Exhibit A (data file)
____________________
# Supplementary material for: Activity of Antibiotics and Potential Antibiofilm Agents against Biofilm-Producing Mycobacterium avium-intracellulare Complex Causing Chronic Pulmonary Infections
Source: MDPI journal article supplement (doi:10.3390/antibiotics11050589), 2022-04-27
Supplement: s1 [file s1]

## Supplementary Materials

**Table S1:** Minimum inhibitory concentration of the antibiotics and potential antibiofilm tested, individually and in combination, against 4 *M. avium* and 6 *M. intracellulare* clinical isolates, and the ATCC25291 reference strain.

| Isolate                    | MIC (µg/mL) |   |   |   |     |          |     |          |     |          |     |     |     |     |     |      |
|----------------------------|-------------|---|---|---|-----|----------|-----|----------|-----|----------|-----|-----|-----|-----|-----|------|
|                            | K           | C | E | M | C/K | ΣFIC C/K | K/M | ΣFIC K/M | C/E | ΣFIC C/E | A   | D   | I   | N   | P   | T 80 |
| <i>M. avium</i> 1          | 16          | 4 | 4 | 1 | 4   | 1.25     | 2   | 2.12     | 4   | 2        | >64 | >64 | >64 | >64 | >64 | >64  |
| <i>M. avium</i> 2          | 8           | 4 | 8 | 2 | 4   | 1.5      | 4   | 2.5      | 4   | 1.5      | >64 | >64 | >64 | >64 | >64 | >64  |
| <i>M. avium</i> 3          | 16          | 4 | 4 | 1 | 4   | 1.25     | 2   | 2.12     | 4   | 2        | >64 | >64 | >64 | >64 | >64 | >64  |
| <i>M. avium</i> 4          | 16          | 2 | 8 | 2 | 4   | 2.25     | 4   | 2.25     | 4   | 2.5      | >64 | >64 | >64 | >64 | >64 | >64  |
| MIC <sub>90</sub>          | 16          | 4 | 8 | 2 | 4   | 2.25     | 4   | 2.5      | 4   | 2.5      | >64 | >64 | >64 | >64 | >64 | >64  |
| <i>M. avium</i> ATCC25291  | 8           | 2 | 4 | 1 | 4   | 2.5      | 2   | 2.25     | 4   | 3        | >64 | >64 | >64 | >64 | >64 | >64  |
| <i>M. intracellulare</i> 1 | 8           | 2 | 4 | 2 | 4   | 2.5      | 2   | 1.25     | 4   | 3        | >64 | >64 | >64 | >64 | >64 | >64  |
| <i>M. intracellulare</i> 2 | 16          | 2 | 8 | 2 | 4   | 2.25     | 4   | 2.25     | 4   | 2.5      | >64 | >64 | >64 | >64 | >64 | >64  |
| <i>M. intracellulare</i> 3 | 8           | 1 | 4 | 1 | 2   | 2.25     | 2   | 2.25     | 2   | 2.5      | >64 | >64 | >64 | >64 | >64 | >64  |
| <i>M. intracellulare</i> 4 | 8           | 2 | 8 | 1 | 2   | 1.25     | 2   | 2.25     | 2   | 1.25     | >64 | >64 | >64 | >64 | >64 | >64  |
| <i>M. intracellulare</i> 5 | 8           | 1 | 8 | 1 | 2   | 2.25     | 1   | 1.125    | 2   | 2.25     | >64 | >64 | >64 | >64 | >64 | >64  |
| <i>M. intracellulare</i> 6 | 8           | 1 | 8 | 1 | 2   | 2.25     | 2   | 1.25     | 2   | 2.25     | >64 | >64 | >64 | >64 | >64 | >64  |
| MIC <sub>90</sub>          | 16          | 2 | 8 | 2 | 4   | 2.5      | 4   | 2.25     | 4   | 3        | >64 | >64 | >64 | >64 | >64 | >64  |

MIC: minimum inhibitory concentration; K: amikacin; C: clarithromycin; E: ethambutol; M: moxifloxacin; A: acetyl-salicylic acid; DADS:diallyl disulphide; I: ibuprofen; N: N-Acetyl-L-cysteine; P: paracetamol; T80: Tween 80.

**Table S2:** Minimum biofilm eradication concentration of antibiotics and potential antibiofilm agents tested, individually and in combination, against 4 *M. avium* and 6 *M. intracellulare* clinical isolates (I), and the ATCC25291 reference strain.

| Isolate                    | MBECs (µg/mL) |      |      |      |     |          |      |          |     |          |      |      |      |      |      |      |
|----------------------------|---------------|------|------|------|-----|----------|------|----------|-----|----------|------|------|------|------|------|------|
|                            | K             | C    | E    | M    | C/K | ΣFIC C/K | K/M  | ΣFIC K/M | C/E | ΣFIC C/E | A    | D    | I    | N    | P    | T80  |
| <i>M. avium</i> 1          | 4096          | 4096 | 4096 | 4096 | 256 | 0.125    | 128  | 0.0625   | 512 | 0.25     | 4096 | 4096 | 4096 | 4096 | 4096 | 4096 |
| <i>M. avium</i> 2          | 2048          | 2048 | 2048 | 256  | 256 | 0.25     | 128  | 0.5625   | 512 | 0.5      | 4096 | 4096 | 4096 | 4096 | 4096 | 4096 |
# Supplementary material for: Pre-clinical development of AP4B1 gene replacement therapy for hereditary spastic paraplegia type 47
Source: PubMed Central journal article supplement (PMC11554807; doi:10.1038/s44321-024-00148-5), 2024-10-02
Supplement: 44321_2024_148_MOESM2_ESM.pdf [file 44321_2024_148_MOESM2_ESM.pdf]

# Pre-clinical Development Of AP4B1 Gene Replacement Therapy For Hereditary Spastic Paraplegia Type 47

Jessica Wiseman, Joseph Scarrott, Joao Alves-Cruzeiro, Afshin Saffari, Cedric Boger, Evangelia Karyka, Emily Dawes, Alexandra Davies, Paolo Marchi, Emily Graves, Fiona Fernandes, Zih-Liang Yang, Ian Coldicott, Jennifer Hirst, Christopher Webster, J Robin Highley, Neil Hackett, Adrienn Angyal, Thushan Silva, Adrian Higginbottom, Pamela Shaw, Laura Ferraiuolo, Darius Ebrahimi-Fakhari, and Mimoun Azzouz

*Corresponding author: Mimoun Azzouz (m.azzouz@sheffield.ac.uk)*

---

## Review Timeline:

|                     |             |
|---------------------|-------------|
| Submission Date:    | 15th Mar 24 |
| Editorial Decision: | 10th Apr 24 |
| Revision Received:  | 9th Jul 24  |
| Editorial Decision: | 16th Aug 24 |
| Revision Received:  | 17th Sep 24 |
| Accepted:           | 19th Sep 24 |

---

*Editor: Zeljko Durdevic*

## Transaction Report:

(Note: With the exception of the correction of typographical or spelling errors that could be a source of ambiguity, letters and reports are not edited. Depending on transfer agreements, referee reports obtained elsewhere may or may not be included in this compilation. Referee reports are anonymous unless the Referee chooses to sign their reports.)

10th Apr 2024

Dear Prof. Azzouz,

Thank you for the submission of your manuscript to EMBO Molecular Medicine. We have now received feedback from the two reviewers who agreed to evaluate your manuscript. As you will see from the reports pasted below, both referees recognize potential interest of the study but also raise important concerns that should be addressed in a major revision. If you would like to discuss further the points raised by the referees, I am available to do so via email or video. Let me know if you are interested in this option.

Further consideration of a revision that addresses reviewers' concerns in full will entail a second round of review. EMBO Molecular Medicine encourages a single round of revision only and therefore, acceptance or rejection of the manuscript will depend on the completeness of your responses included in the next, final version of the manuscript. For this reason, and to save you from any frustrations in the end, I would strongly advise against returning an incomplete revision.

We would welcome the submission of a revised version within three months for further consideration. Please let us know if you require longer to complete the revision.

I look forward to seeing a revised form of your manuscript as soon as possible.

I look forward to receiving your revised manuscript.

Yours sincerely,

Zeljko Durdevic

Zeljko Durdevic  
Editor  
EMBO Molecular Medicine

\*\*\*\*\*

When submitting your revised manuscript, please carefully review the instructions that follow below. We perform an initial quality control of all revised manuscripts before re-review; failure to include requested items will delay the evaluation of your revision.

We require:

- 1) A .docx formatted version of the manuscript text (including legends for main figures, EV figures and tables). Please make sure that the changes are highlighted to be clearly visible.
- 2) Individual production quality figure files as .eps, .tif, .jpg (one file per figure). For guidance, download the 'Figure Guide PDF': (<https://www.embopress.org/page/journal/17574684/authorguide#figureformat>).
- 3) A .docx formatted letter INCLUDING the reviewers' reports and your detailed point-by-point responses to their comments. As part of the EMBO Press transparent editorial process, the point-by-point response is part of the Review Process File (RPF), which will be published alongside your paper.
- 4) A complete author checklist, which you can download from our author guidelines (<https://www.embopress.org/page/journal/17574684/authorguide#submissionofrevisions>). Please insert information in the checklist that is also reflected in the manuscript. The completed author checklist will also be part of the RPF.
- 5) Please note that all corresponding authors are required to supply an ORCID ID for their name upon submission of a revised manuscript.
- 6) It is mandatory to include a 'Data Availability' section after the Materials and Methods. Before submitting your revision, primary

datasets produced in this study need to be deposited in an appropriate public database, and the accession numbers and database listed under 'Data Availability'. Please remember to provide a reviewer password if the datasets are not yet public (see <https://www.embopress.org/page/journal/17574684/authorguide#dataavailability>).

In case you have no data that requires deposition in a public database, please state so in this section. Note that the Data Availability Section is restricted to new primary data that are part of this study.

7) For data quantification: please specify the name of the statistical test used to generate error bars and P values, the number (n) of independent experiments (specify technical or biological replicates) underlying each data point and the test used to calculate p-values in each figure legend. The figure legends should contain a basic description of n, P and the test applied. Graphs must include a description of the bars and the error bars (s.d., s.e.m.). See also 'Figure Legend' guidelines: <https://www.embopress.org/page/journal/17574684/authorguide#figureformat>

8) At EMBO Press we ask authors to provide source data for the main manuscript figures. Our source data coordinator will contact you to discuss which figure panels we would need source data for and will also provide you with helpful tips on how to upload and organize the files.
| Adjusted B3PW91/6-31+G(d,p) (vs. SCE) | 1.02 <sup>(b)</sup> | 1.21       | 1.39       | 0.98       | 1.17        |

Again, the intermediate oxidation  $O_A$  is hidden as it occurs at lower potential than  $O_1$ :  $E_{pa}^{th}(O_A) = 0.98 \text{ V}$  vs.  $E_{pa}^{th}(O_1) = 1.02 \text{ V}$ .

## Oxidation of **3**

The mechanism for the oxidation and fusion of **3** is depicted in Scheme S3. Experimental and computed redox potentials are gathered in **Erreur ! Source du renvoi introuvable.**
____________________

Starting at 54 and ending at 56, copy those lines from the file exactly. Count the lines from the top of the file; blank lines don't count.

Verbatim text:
I look forward to seeing a revised form of your manuscript as soon as possible.

I look forward to receiving your revised manuscript.

Yours sincerely,